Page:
Chinese researchers studying influenza viruses among pig populations between 2011 and 2018 conducted 30,000 nasal swabs from animals in 10 provinces – and found 179 swine flu viruses, the majority of which were of a new kind.
The study described pigs as important “mixing vessels” for pandemic influenza viruses, adding that one particular virus, the “G4” strain of H1N1, boasted “all the essential hallmarks of a candidate pandemic virus.”
The newly-identified G4 virus is a recombination of the H1N1 strain identified in 2009 – which led to a major quarantine in China at the time – and a previous strain of swine influenza.
In animal studies, including on ferrets whose immune response can often be quite similar to humans, G4 was found to be highly infectious, replicating in implanted human cells and causing more serious symptoms than expected.
Worryingly, pig factory workers showed elevated G4 levels in their blood, while any immunity in human cells following exposure to seasonal flu provided no protection against G4.
More than one in 10 workers who handled swine had already been infected with G4, according to antibody blood tests conducted by the study authors. To make matters worse, some 4.4 percent of the general population tested had already been exposed, showing that the virus had passed from animal to human – but has yet to transit human to human.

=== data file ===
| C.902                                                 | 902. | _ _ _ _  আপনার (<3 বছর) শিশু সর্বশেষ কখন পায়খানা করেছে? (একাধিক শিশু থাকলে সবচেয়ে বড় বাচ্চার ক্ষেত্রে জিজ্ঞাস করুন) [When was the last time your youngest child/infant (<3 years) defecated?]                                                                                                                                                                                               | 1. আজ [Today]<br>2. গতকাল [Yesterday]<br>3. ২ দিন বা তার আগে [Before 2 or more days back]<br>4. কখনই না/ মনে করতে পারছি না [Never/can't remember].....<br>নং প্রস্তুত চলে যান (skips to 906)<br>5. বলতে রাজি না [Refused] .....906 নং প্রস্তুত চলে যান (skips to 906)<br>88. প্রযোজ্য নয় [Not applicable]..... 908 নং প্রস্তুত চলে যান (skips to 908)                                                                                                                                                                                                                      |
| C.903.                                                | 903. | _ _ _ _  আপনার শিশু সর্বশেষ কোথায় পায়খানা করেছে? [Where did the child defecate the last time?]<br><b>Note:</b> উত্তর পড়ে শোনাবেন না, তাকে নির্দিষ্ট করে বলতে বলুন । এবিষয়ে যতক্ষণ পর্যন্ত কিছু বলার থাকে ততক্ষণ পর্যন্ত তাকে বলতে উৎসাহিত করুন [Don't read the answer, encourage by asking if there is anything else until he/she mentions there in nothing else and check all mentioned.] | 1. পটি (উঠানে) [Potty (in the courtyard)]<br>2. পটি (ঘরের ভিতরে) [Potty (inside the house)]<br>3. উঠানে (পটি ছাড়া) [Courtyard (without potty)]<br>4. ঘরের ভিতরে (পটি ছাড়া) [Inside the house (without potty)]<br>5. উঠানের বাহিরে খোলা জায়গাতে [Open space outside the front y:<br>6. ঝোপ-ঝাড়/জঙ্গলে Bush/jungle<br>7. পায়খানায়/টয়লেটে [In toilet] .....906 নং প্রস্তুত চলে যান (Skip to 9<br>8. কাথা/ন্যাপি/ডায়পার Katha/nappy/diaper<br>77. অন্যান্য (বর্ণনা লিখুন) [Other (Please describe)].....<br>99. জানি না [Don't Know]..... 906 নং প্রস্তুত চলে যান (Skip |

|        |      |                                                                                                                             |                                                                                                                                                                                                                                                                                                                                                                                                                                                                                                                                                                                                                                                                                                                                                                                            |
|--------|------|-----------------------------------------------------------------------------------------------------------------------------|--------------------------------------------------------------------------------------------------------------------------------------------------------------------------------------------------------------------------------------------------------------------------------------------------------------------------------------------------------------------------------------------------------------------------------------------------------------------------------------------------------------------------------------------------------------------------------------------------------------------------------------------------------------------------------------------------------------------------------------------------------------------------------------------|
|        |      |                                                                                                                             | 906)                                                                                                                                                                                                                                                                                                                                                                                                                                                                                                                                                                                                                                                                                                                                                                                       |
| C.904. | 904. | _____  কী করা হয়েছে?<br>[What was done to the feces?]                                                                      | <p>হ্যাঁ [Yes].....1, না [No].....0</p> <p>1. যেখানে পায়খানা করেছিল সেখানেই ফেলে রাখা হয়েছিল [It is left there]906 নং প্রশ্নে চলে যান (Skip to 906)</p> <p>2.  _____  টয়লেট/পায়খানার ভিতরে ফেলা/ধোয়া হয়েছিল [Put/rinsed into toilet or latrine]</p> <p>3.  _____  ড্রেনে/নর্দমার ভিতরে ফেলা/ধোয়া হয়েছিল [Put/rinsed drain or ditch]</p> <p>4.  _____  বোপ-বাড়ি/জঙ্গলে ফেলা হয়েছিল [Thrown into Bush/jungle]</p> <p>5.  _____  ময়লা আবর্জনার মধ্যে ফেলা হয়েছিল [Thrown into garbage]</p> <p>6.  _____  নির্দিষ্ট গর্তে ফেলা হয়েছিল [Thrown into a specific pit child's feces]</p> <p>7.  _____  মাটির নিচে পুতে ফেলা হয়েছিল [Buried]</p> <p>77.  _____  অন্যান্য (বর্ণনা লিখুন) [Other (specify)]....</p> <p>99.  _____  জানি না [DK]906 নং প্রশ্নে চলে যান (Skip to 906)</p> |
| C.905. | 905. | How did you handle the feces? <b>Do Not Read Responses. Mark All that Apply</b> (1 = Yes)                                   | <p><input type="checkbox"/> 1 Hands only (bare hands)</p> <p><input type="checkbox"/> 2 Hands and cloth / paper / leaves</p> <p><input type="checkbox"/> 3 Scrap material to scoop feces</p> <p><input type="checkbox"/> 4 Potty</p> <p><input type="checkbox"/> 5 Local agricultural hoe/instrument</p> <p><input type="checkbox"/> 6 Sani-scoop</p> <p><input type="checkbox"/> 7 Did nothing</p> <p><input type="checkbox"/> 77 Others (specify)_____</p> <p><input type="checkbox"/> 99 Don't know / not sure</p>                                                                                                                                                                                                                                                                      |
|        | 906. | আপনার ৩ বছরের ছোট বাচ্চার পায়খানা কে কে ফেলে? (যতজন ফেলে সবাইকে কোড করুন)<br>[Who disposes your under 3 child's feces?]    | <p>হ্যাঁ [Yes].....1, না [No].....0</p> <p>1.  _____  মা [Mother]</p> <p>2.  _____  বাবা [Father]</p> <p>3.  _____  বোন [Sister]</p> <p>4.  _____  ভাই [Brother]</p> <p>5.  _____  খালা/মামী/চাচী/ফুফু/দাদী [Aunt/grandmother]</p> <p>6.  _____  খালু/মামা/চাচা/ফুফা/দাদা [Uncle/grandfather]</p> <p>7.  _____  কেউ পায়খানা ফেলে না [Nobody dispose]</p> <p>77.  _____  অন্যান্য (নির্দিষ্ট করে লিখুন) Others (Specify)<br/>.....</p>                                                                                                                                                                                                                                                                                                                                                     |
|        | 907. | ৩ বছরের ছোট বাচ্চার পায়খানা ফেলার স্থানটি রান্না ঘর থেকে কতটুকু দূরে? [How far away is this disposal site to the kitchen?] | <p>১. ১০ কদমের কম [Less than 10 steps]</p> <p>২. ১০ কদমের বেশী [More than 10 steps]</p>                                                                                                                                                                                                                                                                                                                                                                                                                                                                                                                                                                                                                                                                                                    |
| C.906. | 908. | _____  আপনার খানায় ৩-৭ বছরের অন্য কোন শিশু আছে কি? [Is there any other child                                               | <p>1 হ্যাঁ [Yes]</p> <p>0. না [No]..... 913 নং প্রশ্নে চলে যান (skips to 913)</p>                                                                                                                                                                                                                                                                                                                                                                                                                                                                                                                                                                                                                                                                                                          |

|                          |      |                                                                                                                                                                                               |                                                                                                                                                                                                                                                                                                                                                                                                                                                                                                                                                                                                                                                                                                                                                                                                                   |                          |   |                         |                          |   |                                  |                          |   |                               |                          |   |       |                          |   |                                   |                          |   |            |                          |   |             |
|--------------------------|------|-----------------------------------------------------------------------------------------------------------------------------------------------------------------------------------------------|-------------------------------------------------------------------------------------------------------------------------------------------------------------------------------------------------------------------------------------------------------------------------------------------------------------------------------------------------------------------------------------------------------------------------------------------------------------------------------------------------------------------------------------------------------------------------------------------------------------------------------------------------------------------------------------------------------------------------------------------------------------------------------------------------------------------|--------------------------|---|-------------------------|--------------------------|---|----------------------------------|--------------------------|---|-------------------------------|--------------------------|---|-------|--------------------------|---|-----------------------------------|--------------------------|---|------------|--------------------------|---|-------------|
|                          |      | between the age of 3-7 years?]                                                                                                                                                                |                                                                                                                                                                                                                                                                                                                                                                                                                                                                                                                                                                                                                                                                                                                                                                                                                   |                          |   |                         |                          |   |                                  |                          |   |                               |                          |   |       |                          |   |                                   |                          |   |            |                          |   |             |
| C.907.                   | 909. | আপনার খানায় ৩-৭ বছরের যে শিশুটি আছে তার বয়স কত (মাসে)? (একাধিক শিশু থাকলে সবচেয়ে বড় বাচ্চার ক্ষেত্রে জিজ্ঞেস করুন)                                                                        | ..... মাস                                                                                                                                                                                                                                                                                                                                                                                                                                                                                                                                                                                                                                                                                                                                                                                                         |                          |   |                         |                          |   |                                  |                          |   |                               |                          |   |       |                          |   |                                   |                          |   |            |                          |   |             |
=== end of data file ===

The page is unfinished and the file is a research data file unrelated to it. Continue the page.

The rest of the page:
“It is of concern that human infection of G4 virus will further human adaptation and increase the risk of a human pandemic,” the researchers wrote.
Chinese Foreign Ministry spokesman Zhao Lijian said his government would take “all necessary measures to prevent the spread and outbreak of any virus.”
However, at present, there appears to be no imminent threat according to Carl T. Bergstrom, professor of biology at the University of Washington.
“What the paper does do is something important for the epidemiological community: it points to a virus that we need to be keeping a careful eye on,” the scientist tweeted about the new research. “But every indication is that the G4 virus would have to undergo some evolutionary change to spread readily in people, and it may never do that.”
Indeed, the study authors called for “close monitoring in human populations, especially the workers in the swine industry,” but stopped short of calling for any more urgent action.
Sars-cov-2, the coronavirus that caused the worldwide Covid-19 pandemic, is believed to have originated in bats in southwest China before spreading to humans via a wet market in Wuhan where it was first identified. In response to the pandemic, Chinese authorities have introduced stricter controls on the sale of wildlife and meat products.